The design and management of online communities can also affect de-lurking and participation. Resnick, Janney, Buis, and Richardson introduced a community element to the online walking program called Stepping Up to Health and discussed various issues of beginning an online community, including transforming lurkers into users. They discovered that posting contests (i.e., where users who made their first posts during a five-day period qualified to potentially win a prize) were a helpful mechanism to promote posting among lurkers. Similarly, Antin and Cheshire's survey of lurkers suggests that reading behavior in Wikipedia is a sort of participation which helps new users to learn about the online community and advance toward more comprehensive participation.
While Rashid et al. did not examine lurkers directly, they conducted an experimental study on MovieLens that investigated how to raise low contribution rates in online communities. They discovered that participants showed a higher likelihood of rating movies when ratings were valuable to someone than when ratings were associated with the probability of having previously watched a movie. Furthermore, they found that participants showed an enhanced likelihood of rating movies when ratings were valuable to MovieLens subgroups than when ratings were valuable to the entire MovieLens online community, and participants demonstrated an enhanced likelihood of rating movies when ratings were valuable to individuals who liked similar movie genres as the participant than when ratings were valuable to individuals who liked dissimilar movie genres as the participant. These authors also found that participants demonstrated a reduced likelihood of rating movies when ratings were valuable to oneself than when ratings were valuable to someone else. Given these findings, Rashid et al. claim, “…designers can use information about the beneficiaries of contributions to create subtle and integrated messages to increase motivation”(p. 958).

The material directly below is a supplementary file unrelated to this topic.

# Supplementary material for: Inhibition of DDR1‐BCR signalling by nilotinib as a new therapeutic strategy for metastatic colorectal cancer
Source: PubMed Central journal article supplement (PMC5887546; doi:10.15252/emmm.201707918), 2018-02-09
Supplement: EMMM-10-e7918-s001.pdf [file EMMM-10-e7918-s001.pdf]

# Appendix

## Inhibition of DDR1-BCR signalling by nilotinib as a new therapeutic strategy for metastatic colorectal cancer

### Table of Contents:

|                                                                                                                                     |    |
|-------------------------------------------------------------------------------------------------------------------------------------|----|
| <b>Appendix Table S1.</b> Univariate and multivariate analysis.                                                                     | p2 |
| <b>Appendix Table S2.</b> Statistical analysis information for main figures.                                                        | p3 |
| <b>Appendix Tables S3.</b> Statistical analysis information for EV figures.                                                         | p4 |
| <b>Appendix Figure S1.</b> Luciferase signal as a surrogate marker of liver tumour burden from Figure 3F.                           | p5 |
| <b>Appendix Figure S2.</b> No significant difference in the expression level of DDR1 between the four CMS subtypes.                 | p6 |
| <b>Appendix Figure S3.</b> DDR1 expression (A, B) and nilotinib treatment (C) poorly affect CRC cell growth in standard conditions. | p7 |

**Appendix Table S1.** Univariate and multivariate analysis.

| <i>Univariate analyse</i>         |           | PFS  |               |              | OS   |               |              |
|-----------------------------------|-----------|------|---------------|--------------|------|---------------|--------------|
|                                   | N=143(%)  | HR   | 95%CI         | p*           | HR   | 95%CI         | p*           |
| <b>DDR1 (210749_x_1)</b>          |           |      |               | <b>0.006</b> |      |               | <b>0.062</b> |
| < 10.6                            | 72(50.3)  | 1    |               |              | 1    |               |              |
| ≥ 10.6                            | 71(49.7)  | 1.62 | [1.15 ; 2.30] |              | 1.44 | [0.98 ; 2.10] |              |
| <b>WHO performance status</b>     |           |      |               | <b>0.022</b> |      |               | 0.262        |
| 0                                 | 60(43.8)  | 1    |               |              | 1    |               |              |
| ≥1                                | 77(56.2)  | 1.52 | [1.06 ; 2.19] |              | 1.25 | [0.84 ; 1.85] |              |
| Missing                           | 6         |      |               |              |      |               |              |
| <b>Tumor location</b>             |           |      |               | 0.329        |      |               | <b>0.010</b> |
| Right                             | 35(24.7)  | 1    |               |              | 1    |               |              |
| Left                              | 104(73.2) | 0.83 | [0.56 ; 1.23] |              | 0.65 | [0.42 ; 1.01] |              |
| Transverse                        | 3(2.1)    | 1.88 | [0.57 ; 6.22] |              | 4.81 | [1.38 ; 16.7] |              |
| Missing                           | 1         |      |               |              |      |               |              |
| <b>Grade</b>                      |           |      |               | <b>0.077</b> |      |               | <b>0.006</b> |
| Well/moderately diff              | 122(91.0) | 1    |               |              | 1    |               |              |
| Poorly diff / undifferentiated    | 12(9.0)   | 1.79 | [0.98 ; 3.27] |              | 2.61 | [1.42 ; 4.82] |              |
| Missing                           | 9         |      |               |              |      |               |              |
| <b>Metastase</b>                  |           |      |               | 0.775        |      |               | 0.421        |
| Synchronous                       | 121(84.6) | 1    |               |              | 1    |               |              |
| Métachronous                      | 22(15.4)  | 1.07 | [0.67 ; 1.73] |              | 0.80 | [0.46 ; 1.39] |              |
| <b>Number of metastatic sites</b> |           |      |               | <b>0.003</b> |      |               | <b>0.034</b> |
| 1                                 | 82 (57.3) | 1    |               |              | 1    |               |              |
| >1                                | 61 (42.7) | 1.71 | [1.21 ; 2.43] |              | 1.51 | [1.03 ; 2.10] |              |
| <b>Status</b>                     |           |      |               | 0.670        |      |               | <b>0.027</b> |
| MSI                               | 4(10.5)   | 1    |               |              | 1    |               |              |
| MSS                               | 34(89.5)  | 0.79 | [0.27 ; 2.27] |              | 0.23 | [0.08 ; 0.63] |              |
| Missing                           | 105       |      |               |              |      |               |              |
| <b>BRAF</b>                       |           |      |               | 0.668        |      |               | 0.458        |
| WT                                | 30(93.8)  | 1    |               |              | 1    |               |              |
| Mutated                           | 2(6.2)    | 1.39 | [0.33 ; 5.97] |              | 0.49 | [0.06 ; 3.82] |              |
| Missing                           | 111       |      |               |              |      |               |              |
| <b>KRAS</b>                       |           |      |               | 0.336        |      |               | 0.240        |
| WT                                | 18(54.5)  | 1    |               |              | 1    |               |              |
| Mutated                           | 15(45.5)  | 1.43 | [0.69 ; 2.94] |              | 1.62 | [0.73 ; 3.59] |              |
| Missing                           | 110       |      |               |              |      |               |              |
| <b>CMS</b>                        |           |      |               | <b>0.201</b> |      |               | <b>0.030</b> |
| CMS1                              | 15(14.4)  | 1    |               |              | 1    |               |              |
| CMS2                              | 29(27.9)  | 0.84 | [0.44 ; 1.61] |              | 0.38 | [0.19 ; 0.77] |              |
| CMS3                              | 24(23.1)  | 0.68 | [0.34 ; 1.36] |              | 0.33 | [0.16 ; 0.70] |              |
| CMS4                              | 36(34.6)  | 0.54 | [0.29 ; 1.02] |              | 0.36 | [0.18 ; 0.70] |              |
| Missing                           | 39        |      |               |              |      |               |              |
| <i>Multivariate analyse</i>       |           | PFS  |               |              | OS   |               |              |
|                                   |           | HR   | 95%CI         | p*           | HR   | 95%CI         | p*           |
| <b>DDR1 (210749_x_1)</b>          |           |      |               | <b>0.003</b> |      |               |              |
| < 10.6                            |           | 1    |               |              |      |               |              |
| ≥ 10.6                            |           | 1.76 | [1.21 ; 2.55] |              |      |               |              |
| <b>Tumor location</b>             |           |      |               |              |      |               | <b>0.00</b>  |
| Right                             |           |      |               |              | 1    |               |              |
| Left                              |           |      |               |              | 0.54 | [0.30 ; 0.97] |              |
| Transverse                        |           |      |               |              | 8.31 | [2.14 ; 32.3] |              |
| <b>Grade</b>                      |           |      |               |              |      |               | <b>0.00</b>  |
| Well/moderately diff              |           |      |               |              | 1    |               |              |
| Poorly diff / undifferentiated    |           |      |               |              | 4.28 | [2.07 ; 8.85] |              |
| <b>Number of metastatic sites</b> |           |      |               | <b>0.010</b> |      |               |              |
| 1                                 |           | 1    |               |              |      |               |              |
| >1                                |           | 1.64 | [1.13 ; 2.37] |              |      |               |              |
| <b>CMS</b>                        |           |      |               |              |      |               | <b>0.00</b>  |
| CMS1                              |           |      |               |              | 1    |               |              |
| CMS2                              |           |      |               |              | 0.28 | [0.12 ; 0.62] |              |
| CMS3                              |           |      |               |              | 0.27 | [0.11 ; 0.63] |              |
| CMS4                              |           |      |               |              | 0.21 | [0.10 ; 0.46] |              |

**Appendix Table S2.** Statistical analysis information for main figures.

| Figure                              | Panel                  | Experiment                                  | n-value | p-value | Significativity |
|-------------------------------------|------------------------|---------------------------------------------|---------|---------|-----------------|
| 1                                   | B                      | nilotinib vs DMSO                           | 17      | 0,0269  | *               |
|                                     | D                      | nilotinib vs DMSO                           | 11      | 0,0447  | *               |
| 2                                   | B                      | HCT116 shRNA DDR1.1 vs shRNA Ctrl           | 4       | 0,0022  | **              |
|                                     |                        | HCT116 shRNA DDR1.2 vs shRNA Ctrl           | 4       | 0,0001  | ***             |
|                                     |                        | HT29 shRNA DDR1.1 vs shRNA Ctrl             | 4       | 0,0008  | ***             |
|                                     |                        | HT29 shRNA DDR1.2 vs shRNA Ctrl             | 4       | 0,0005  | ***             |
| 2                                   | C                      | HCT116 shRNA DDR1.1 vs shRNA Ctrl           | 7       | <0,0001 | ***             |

Because of the nature of the lurker, they can be hard to study. They do not leave visible traces and it is often difficult to address them directly. To study lurkers, often Internet communities such as email-based discussion lists, public forums, and community building tools will be targeted so communication can be tracked more easily. Methods of studying lurkers include logging, questionnaires, interviews, observation, ethnography, and content and discourse analysis. Logging is a good tool for studying the number of lurkers in a community. It is easy to compare the number of lurkers between communities. Researchers can also collect information on the number of messages, the size of messages, the message content, and message threading. Questionnaires in contrast are better for asking the why and how of lurkers. There is less likely to be a response though because of the nature of lurkers and those that do respond may be a biased sample. Interviews are a good way to gain an understanding of the problem space. Interviews can also be used to answer the question of why and how lurkers lurk. The sampling must be done carefully or there could be a response bias. Observation is a good way to understand the context within the community. This method can be very intrusive though. If the observation is just on the community in general than no information may be gained about the lurkers because they are not visible. By observing a lurker, the tools and methods by which they lurk can be understood. Ethnography is better for understanding a single community but not multiple communities. It again is good for understanding the reasons and activities of lurking. Content and discourse analysis is a good tool to understand the interactions within a community. Since many lurkers do not publicly interact, this tool is better to use when understanding de-lurking.